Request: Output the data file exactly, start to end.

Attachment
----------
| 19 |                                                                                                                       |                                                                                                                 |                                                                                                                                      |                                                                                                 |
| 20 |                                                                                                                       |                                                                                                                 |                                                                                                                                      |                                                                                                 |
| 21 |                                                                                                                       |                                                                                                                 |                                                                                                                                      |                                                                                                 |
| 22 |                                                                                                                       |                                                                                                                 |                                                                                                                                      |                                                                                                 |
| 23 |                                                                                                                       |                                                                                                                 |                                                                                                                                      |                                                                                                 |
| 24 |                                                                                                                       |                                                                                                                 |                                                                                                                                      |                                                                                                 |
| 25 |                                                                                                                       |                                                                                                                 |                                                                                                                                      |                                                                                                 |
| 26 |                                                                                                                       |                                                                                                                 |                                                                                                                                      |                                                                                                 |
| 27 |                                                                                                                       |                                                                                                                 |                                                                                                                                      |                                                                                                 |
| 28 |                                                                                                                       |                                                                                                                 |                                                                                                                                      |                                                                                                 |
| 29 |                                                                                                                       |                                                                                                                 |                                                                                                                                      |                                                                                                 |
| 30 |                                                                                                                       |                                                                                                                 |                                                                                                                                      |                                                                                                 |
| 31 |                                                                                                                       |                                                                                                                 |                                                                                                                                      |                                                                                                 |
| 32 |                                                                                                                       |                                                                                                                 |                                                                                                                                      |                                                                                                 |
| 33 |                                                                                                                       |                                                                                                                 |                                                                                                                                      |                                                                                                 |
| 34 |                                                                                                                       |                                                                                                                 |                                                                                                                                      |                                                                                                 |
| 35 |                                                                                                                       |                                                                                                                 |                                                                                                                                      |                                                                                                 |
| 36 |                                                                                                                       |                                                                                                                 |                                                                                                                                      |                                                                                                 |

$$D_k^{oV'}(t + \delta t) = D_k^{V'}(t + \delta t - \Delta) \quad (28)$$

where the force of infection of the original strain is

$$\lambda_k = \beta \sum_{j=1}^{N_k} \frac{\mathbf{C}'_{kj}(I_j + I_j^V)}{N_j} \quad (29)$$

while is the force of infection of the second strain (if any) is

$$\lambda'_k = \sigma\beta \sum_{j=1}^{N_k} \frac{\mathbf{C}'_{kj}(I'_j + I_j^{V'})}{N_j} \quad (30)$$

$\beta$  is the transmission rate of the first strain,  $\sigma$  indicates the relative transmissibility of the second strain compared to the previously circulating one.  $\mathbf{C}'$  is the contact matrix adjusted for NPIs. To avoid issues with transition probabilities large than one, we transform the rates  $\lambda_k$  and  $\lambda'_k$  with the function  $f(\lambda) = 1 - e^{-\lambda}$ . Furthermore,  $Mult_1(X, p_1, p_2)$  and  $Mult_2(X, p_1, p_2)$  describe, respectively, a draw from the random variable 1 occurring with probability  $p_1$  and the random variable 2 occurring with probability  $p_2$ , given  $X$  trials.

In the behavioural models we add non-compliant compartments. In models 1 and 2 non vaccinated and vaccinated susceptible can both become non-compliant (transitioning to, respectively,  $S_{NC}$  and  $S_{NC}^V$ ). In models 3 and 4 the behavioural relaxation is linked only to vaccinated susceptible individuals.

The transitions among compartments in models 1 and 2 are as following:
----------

| 19 |                                                                                                                       |                                                                                                                 |                                                                                                                                      |                                                                                                 |
| 20 |                                                                                                                       |                                                                                                                 |                                                                                                                                      |                                                                                                 |
| 21 |                                                                                                                       |                                                                                                                 |                                                                                                                                      |                                                                                                 |
| 22 |                                                                                                                       |                                                                                                                 |                                                                                                                                      |                                                                                                 |
| 23 |                                                                                                                       |                                                                                                                 |                                                                                                                                      |                                                                                                 |
| 24 |                                                                                                                       |                                                                                                                 |                                                                                                                                      |                                                                                                 |
| 25 |                                                                                                                       |                                                                                                                 |                                                                                                                                      |                                                                                                 |
| 26 |                                                                                                                       |                                                                                                                 |                                                                                                                                      |                                                                                                 |
| 27 |                                                                                                                       |                                                                                                                 |                                                                                                                                      |                                                                                                 |
| 28 |                                                                                                                       |                                                                                                                 |                                                                                                                                      |                                                                                                 |
| 29 |                                                                                                                       |                                                                                                                 |                                                                                                                                      |                                                                                                 |
| 30 |                                                                                                                       |                                                                                                                 |                                                                                                                                      |                                                                                                 |
| 31 |                                                                                                                       |                                                                                                                 |                                                                                                                                      |                                                                                                 |
| 32 |                                                                                                                       |                                                                                                                 |                                                                                                                                      |                                                                                                 |
| 33 |                                                                                                                       |                                                                                                                 |                                                                                                                                      |                                                                                                 |
| 34 |                                                                                                                       |                                                                                                                 |                                                                                                                                      |                                                                                                 |
| 35 |                                                                                                                       |                                                                                                                 |                                                                                                                                      |                                                                                                 |
| 36 |                                                                                                                       |                                                                                                                 |                                                                                                                                      |                                                                                                 |

$$D_k^{oV'}(t + \delta t) = D_k^{V'}(t + \delta t - \Delta) \quad (28)$$

where the force of infection of the original strain is

$$\lambda_k = \beta \sum_{j=1}^{N_k} \frac{\mathbf{C}'_{kj}(I_j + I_j^V)}{N_j} \quad (29)$$

while is the force of infection of the second strain (if any) is

$$\lambda'_k = \sigma\beta \sum_{j=1}^{N_k} \frac{\mathbf{C}'_{kj}(I'_j + I_j^{V'})}{N_j} \quad (30)$$

$\beta$  is the transmission rate of the first strain,  $\sigma$  indicates the relative transmissibility of the second strain compared to the previously circulating one.  $\mathbf{C}'$  is the contact matrix adjusted for NPIs. To avoid issues with transition probabilities large than one, we transform the rates  $\lambda_k$  and  $\lambda'_k$  with the function  $f(\lambda) = 1 - e^{-\lambda}$ . Furthermore,  $Mult_1(X, p_1, p_2)$  and  $Mult_2(X, p_1, p_2)$  describe, respectively, a draw from the random variable 1 occurring with probability  $p_1$  and the random variable 2 occurring with probability  $p_2$ , given  $X$  trials.

In the behavioural models we add non-compliant compartments. In models 1 and 2 non vaccinated and vaccinated susceptible can both become non-compliant (transitioning to, respectively,  $S_{NC}$  and  $S_{NC}^V$ ). In models 3 and 4 the behavioural relaxation is linked only to vaccinated susceptible individuals.

The transitions among compartments in models 1 and 2 are as following: